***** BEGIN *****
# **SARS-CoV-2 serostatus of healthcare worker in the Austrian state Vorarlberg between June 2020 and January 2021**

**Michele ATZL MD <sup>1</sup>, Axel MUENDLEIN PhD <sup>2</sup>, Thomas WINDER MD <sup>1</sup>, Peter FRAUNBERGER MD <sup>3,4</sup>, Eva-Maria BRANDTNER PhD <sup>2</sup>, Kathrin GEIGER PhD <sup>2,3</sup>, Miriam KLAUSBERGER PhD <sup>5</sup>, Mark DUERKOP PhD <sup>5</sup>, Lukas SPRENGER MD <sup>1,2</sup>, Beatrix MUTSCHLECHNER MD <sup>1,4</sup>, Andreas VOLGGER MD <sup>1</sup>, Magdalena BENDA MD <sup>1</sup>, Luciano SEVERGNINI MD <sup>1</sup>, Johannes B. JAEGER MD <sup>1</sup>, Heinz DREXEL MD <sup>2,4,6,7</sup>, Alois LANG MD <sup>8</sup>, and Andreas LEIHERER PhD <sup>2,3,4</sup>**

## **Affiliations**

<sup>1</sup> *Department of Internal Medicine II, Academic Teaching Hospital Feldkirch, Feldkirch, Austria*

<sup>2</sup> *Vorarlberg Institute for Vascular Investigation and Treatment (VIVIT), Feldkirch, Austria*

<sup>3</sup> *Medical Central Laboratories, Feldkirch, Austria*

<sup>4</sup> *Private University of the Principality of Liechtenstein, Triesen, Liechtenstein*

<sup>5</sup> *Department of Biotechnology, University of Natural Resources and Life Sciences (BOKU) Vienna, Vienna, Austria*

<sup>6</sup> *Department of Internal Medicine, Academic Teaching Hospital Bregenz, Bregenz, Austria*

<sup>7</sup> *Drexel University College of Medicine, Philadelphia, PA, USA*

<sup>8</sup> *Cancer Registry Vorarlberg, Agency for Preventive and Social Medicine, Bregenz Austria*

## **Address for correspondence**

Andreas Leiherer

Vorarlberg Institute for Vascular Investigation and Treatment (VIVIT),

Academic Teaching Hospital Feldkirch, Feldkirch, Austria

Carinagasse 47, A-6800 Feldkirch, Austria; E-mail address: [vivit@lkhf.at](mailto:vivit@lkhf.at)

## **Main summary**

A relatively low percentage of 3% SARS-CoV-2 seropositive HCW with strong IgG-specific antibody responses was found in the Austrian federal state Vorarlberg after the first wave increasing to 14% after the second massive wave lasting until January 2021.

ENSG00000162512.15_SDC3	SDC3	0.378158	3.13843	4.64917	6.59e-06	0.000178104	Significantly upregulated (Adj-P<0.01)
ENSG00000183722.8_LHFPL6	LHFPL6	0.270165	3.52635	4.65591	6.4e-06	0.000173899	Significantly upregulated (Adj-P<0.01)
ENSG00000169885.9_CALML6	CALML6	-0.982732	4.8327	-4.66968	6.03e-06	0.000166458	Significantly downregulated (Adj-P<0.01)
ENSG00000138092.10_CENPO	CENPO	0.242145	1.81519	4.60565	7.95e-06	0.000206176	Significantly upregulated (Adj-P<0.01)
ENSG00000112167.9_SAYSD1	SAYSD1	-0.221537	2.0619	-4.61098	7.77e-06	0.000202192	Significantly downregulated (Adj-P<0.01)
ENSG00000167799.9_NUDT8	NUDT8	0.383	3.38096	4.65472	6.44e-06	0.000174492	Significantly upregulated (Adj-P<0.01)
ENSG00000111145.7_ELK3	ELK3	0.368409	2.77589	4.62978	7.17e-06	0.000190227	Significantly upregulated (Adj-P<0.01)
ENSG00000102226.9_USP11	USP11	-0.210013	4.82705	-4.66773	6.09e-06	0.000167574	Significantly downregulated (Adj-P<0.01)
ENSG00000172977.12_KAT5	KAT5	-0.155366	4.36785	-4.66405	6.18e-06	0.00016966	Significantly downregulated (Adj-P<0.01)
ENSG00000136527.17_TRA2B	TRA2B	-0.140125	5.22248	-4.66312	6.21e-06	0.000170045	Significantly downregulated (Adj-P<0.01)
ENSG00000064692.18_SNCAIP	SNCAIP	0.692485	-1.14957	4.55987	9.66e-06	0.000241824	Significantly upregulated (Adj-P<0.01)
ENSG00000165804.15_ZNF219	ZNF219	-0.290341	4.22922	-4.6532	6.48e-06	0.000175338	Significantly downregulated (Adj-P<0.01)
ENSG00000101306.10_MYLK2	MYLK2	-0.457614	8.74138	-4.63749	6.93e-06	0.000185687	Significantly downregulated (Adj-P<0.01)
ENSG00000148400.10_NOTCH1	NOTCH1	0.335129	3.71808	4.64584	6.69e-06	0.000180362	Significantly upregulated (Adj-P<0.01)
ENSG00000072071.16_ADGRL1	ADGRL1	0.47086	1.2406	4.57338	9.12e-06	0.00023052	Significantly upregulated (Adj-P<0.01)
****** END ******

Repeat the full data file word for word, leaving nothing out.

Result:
# **SARS-CoV-2 serostatus of healthcare worker in the Austrian state Vorarlberg between June 2020 and January 2021**

**Michele ATZL MD <sup>1</sup>, Axel MUENDLEIN PhD <sup>2</sup>, Thomas WINDER MD <sup>1</sup>, Peter FRAUNBERGER MD <sup>3,4</sup>, Eva-Maria BRANDTNER PhD <sup>2</sup>, Kathrin GEIGER PhD <sup>2,3</sup>, Miriam KLAUSBERGER PhD <sup>5</sup>, Mark DUERKOP PhD <sup>5</sup>, Lukas SPRENGER MD <sup>1,2</sup>, Beatrix MUTSCHLECHNER MD <sup>1,4</sup>, Andreas VOLGGER MD <sup>1</sup>, Magdalena BENDA MD <sup>1</sup>, Luciano SEVERGNINI MD <sup>1</sup>, Johannes B. JAEGER MD <sup>1</sup>, Heinz DREXEL MD <sup>2,4,6,7</sup>, Alois LANG MD <sup>8</sup>, and Andreas LEIHERER PhD <sup>2,3,4</sup>**

## **Affiliations**

<sup>1</sup> *Department of Internal Medicine II, Academic Teaching Hospital Feldkirch, Feldkirch, Austria*

<sup>2</sup> *Vorarlberg Institute for Vascular Investigation and Treatment (VIVIT), Feldkirch, Austria*

<sup>3</sup> *Medical Central Laboratories, Feldkirch, Austria*

<sup>4</sup> *Private University of the Principality of Liechtenstein, Triesen, Liechtenstein*

<sup>5</sup> *Department of Biotechnology, University of Natural Resources and Life Sciences (BOKU) Vienna, Vienna, Austria*

<sup>6</sup> *Department of Internal Medicine, Academic Teaching Hospital Bregenz, Bregenz, Austria*

<sup>7</sup> *Drexel University College of Medicine, Philadelphia, PA, USA*

<sup>8</sup> *Cancer Registry Vorarlberg, Agency for Preventive and Social Medicine, Bregenz Austria*

## **Address for correspondence**

Andreas Leiherer

Vorarlberg Institute for Vascular Investigation and Treatment (VIVIT),

Academic Teaching Hospital Feldkirch, Feldkirch, Austria

Carinagasse 47, A-6800 Feldkirch, Austria; E-mail address: [vivit@lkhf.at](mailto:vivit@lkhf.at)

## **Main summary**

A relatively low percentage of 3% SARS-CoV-2 seropositive HCW with strong IgG-specific antibody responses was found in the Austrian federal state Vorarlberg after the first wave increasing to 14% after the second massive wave lasting until January 2021.

ENSG00000162512.15_SDC3	SDC3	0.378158	3.13843	4.64917	6.59e-06	0.000178104	Significantly upregulated (Adj-P<0.01)
ENSG00000183722.8_LHFPL6	LHFPL6	0.270165	3.52635	4.65591	6.4e-06	0.000173899	Significantly upregulated (Adj-P<0.01)
ENSG00000169885.9_CALML6	CALML6	-0.982732	4.8327	-4.66968	6.03e-06	0.000166458	Significantly downregulated (Adj-P<0.01)
ENSG00000138092.10_CENPO	CENPO	0.242145	1.81519	4.60565	7.95e-06	0.000206176	Significantly upregulated (Adj-P<0.01)
ENSG00000112167.9_SAYSD1	SAYSD1	-0.221537	2.0619	-4.61098	7.77e-06	0.000202192	Significantly downregulated (Adj-P<0.01)
ENSG00000167799.9_NUDT8	NUDT8	0.383	3.38096	4.65472	6.44e-06	0.000174492	Significantly upregulated (Adj-P<0.01)
ENSG00000111145.7_ELK3	ELK3	0.368409	2.77589	4.62978	7.17e-06	0.000190227	Significantly upregulated (Adj-P<0.01)
ENSG00000102226.9_USP11	USP11	-0.210013	4.82705	-4.66773	6.09e-06	0.000167574	Significantly downregulated (Adj-P<0.01)
ENSG00000172977.12_KAT5	KAT5	-0.155366	4.36785	-4.66405	6.18e-06	0.00016966	Significantly downregulated (Adj-P<0.01)
ENSG00000136527.17_TRA2B	TRA2B	-0.140125	5.22248	-4.66312	6.21e-06	0.000170045	Significantly downregulated (Adj-P<0.01)
ENSG00000064692.18_SNCAIP	SNCAIP	0.692485	-1.14957	4.55987	9.66e-06	0.000241824	Significantly upregulated (Adj-P<0.01)
ENSG00000165804.15_ZNF219	ZNF219	-0.290341	4.22922	-4.6532	6.48e-06	0.000175338	Significantly downregulated (Adj-P<0.01)
ENSG00000101306.10_MYLK2	MYLK2	-0.457614	8.74138	-4.63749	6.93e-06	0.000185687	Significantly downregulated (Adj-P<0.01)
ENSG00000148400.10_NOTCH1	NOTCH1	0.335129	3.71808	4.64584	6.69e-06	0.000180362	Significantly upregulated (Adj-P<0.01)
ENSG00000072071.16_ADGRL1	ADGRL1	0.47086	1.2406	4.57338	9.12e-06	0.00023052	Significantly upregulated (Adj-P<0.01)